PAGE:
With the Trump Administration prevailing in ending the census count early, Santa Clara County officials say they’re not sure if everyone who needed to be counted actually was.
And that could have serious and far-reaching impacts for years to come, they say.
“Because the census has been cut short, we believe we’re not going to get a full, fair, accurate count,” said Anne Im, immigration program officer for Silicon Valley Community Foundation. “Data will be compromised … and hard-to-count communities are going to be missed. It’s going to be even more devastating for our communities that really need these resources, especially during this pandemic.”
While most households respond to the census, the Census Bureau engages in Non-Response Follow-Up (NRFU) visits for households that don’t. This population largely includes racial and ethnic minorities, non-English speakers, undocumented immigrants, persons who distrust the government, low-income persons and the homeless.
The bureau extended the census deadline from late July to October 31 due to COVID-19. When federal officials changed the end date to Sept. 30, U.S. District Judge Lucy Koh sued the Trump Administration, demanding a return to the original deadline. But the Supreme Court granted the request and the count ended Oct. 15.
Mayor Sam Liccardo, who was a signatory on the lawsuit to extend the census, said the ruling is “justice denied” and inline with the Trump Administration’s efforts to do “everything but ensure a a full and fair census count.”
An inaccurate census count could result in huge losses for Santa Clara County, which receives about $500 million annually in census-based funding. Census results also determine how much the county receives of $675 billion in federal funding for services like health, housing, transportation, education and child services.
“If we get the count wrong, that’s money hemorrhaging from our county for Title I school programs, Section 8 housing, Medicare and roads,” said Nick Kuwada, manager for the County of Santa Clara Office of the Census, created by the Santa Clara Board of Supervisors to combat misinformation from the White House. “Even businesses … and emergency relief efforts are based on census data. The implications are long-lasting.”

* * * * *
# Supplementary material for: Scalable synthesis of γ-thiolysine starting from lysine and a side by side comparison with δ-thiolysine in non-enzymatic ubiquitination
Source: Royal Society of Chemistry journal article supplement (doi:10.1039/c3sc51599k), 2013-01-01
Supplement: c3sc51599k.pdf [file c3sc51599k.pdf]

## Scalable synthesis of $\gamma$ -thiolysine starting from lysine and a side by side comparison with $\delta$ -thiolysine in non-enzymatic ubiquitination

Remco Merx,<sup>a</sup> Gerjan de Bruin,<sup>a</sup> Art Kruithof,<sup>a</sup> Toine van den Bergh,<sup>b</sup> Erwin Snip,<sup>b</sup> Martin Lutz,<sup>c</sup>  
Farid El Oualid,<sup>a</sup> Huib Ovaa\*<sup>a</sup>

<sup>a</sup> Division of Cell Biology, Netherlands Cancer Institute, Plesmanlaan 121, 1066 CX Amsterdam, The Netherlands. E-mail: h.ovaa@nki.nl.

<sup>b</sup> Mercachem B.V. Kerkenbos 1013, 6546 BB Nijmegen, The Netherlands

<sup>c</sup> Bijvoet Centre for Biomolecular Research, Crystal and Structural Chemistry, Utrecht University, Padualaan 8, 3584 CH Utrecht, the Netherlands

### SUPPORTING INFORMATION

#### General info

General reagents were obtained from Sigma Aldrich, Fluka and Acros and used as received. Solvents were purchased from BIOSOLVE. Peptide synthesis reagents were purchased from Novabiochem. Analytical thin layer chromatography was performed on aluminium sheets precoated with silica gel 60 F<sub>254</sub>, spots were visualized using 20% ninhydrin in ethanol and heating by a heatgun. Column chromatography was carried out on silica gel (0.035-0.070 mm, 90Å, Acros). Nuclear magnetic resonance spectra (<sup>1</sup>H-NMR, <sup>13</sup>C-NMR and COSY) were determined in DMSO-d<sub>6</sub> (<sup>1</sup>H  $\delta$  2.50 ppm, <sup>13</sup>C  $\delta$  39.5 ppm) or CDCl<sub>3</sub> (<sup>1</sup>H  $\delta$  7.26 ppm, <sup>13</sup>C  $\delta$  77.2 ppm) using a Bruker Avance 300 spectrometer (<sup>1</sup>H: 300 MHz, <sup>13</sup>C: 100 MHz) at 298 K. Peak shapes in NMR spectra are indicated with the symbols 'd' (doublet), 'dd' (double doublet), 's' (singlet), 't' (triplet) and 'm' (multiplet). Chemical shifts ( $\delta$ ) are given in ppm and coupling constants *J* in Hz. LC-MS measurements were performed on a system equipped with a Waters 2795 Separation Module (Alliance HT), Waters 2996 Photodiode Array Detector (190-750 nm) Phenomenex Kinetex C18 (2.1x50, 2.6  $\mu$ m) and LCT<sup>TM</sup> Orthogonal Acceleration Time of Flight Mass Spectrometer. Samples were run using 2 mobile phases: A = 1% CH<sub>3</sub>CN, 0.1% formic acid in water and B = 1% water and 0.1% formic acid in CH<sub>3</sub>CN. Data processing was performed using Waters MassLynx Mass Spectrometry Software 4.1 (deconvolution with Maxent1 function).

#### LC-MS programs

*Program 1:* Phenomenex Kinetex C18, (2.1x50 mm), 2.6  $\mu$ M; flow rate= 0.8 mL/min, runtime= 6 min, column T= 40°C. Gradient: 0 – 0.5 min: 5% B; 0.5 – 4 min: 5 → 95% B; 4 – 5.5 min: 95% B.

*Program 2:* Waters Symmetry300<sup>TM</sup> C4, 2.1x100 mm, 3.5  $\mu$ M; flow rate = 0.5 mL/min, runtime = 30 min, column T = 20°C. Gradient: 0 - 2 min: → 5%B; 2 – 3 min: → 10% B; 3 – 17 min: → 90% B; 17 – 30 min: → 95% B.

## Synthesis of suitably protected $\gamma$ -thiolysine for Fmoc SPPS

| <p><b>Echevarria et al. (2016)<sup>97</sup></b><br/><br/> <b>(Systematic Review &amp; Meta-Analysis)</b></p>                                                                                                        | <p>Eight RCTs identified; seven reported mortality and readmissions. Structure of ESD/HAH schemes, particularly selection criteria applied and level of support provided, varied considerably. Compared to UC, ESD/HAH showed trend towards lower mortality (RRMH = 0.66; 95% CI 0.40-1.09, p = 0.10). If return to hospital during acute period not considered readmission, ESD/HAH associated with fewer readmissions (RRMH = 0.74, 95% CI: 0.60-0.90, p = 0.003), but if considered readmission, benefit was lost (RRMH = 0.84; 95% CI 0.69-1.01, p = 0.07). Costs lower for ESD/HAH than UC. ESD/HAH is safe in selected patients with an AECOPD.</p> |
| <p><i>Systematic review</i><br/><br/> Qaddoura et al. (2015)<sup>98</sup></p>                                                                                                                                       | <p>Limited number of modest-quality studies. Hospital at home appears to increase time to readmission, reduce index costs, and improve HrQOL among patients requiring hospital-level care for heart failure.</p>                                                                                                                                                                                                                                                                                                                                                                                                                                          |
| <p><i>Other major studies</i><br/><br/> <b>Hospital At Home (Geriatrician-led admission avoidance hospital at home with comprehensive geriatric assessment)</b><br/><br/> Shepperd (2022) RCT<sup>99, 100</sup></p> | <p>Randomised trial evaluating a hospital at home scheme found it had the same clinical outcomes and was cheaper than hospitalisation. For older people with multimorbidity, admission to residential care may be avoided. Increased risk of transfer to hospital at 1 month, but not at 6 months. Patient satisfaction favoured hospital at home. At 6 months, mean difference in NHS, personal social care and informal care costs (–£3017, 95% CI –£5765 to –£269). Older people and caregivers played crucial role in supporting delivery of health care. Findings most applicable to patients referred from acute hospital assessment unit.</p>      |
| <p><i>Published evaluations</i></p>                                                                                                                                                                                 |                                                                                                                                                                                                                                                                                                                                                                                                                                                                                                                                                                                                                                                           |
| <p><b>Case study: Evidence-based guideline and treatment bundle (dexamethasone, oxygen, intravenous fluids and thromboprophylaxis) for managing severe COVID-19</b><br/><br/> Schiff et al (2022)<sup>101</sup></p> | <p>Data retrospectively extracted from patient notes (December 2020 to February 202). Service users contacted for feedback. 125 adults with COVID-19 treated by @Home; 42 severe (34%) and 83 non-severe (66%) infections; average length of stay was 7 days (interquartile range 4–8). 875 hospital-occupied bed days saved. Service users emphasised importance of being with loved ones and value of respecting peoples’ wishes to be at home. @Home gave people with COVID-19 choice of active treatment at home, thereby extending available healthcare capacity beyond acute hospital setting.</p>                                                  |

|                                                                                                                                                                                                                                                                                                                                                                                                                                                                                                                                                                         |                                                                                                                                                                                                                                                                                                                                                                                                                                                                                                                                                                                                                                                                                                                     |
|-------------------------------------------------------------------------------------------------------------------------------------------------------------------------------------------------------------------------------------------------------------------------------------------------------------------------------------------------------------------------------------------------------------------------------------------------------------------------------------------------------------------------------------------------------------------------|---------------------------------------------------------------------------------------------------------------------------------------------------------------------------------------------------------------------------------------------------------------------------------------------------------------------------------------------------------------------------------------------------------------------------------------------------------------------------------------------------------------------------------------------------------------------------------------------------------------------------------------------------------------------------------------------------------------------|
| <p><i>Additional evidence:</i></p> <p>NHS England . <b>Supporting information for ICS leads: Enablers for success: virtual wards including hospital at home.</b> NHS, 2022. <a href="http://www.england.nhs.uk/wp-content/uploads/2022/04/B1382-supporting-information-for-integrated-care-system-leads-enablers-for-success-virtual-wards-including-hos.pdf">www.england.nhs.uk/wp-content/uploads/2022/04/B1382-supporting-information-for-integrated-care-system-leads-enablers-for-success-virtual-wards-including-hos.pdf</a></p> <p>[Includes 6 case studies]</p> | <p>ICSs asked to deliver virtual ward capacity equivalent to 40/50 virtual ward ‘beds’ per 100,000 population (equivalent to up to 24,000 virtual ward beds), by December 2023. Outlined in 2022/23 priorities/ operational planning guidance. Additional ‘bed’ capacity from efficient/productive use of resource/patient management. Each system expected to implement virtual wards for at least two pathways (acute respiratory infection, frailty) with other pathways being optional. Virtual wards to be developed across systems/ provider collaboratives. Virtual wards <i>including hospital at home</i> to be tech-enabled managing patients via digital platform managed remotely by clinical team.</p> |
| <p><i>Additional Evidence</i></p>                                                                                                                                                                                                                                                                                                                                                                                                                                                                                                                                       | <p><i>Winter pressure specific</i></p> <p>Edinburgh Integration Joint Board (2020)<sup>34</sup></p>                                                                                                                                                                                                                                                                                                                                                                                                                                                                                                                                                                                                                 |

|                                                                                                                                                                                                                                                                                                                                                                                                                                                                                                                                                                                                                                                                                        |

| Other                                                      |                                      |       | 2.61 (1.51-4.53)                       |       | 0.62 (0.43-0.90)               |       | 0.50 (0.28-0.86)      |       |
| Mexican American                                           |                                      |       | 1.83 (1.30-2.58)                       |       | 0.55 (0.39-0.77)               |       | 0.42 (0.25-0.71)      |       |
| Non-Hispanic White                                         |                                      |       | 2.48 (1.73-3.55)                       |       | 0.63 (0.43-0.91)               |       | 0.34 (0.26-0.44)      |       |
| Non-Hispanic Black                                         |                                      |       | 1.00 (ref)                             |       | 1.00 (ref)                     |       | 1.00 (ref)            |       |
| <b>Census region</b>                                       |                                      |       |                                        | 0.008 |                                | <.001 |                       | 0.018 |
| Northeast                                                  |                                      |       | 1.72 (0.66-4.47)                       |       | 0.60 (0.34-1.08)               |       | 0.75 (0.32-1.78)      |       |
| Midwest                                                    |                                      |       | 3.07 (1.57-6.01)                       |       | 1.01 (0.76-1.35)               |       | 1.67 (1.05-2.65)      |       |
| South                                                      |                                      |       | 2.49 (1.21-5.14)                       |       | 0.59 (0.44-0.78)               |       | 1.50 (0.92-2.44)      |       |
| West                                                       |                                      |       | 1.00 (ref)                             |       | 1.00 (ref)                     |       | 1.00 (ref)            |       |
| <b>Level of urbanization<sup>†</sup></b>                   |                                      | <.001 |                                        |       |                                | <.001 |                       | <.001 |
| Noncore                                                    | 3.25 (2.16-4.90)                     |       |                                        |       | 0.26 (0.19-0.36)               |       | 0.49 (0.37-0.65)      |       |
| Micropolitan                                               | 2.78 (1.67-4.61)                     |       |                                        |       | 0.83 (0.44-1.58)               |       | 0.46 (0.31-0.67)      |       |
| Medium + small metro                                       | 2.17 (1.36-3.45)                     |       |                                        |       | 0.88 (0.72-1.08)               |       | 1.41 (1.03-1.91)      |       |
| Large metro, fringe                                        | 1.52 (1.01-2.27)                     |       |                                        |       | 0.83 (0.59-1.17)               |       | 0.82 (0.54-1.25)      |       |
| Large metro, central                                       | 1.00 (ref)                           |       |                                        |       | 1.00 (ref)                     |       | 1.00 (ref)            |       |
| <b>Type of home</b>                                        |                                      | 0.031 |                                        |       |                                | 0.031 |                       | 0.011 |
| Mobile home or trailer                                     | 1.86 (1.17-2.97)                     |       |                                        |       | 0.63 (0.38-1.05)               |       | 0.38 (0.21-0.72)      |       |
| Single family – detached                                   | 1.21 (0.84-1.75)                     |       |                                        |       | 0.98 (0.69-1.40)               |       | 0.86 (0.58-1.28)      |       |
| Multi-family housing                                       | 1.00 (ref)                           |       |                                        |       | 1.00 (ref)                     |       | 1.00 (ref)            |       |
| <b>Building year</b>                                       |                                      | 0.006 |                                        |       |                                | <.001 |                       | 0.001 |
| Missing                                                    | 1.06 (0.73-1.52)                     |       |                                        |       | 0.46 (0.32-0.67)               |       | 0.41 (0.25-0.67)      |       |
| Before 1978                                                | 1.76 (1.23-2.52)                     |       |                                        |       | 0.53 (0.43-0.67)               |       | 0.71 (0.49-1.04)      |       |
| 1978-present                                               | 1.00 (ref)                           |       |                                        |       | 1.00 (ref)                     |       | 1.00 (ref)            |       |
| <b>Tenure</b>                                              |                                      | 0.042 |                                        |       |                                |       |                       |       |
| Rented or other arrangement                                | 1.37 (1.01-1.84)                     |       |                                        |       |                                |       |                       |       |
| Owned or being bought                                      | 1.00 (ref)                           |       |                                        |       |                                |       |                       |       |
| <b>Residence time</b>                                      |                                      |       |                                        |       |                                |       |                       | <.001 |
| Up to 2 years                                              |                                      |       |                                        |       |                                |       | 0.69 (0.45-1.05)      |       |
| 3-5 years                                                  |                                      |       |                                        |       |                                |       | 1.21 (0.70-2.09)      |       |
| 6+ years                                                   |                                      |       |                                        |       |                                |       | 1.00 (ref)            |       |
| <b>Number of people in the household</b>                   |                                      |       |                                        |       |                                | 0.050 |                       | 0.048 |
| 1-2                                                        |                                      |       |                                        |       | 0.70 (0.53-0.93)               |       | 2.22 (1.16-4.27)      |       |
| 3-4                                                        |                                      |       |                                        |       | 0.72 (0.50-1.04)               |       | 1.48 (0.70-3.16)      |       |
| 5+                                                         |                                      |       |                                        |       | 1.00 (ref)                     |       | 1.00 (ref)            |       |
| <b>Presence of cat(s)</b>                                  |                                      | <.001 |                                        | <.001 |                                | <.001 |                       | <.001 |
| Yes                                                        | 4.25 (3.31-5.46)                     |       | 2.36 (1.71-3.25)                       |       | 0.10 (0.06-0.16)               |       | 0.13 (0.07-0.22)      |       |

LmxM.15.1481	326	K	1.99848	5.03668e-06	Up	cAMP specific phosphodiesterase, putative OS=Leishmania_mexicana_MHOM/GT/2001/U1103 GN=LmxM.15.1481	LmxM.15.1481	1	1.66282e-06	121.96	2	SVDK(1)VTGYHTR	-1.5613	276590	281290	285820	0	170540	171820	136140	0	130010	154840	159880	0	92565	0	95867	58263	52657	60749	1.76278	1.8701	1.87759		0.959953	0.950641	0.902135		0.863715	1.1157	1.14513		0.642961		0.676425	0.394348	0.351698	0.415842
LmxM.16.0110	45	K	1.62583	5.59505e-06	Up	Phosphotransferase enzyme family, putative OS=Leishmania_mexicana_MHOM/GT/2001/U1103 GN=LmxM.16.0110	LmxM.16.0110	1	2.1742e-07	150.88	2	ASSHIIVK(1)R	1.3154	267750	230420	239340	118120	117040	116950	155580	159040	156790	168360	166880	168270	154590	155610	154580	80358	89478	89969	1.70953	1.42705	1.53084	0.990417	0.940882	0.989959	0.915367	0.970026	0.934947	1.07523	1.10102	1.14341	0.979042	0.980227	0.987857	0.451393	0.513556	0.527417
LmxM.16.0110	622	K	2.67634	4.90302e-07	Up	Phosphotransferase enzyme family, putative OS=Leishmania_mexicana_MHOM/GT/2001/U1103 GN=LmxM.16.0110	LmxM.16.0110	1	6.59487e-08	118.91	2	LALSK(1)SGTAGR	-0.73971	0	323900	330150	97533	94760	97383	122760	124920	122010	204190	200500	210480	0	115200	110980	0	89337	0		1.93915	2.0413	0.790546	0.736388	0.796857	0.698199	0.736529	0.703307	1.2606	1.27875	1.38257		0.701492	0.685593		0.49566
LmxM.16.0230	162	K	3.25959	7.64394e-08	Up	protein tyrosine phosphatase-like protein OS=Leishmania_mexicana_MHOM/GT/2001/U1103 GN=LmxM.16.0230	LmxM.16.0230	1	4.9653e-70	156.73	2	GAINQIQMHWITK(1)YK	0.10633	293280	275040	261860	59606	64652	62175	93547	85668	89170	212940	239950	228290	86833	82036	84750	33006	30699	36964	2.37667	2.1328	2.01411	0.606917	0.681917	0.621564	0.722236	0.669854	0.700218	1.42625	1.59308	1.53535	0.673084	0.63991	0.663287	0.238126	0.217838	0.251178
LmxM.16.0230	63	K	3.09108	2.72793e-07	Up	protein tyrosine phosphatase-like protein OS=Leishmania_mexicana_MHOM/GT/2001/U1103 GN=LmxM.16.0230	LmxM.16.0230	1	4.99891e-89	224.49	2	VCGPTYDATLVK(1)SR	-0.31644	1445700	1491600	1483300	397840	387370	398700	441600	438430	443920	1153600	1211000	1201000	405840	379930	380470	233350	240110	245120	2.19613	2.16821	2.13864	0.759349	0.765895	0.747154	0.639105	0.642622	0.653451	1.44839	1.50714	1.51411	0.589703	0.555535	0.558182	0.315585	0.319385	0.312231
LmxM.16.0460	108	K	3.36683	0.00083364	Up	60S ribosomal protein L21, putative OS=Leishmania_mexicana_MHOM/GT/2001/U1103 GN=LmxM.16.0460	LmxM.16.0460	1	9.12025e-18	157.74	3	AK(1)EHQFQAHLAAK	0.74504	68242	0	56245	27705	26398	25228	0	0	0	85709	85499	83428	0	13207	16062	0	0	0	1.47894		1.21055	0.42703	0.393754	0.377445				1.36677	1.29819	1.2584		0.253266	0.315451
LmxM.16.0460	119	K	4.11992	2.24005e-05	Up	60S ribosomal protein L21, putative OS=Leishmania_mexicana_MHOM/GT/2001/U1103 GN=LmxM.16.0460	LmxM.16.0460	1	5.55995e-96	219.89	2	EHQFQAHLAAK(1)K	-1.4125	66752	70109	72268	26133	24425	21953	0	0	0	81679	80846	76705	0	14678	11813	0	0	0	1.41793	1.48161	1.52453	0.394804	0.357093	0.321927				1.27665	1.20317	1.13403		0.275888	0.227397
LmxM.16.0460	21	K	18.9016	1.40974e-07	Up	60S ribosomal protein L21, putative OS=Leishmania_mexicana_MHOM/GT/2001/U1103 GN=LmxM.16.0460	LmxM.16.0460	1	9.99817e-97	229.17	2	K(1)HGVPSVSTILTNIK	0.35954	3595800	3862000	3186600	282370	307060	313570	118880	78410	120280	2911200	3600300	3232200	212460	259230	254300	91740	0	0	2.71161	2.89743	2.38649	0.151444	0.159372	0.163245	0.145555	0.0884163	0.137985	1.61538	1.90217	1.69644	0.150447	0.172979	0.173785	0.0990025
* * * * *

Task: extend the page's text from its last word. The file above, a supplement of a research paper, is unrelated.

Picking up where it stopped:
Local government decisions on housing development, law enforcement, school construction and public services are also informed by the census. The Santa Clara District Attorney’s Office relies on census data to understand racial disparities and develop policies addressing areas highly impacted by crime and criminal prosecution.
A low-balled census count could also cost California representation in Congress.
“We could lose political power in a very divided Congress if we don’t get a full count,” Kuwada said. “States like California are primed to lose a seat with an undercount.”
The Census Bureau is obligated to reach a 99.9% completion rate. Kuwada said he is concerned the bureau may have rushed to say a household was vacant without checking the six times it is required to. Kuwada also is upset the Census Bureau did not share its non-response data with the county.
Sonny Le, partnership specialist for the U.S. Census Bureau, said his office completed counting Santa Clara County’s NRFUs.
“The date change may have complicated things for our partners but we were on target to finish the job and we closed down when we got to that point,” Le said. “We get to 99.9% completion when we have a count for the housing units. We had a fixed number of households or addresses that we followed up. When we finished that, that is considered a job done.”
If census takers knock on doors and can’t reach people who haven’t filled out their census forms, they use proxy data, asking neighbors for information about a household, or look at past records.
Im said asking a neighbor for information isn’t the best and most accurate data, and looking at administration records and making a best guess about how many people live in a home can be misleading.
“Santa Clara County and this region has such high housing costs,” Im said. “We know there …may be two or three families living in one household. There are many … living in overcrowded homes I sense will be missed.”
Kuwada had similar concerns.
“None of the non-response data was shared with us so we literally do not know who was missed. That’s the scary thing. We don’t know how many people were actually counted or how many addresses were marked as vacant because the Census Bureau couldn’t get a hold of someone. Normally, the census bureau does up to six contacts for an individual who doesn’t respond. We were getting reports that it was maybe two.”
Le said his staff was instructed to follow up with every housing unit up to six times.
Kuwada expressed frustration with the decreased timeline, which he contends was politically motivated.
“For you to take this away from our people, to take it away from the hardest-hit communities who are experiencing COVID-19… I think it is a politically motivated plan to disenfranchise as many people as possible all in the efforts of making sure on Dec. 31 the president gets these numbers so he can exclude undocumented individuals, which is wholly unconstitutional,” Kuwada said.
Contact Lorraine Gabbert at [email protected]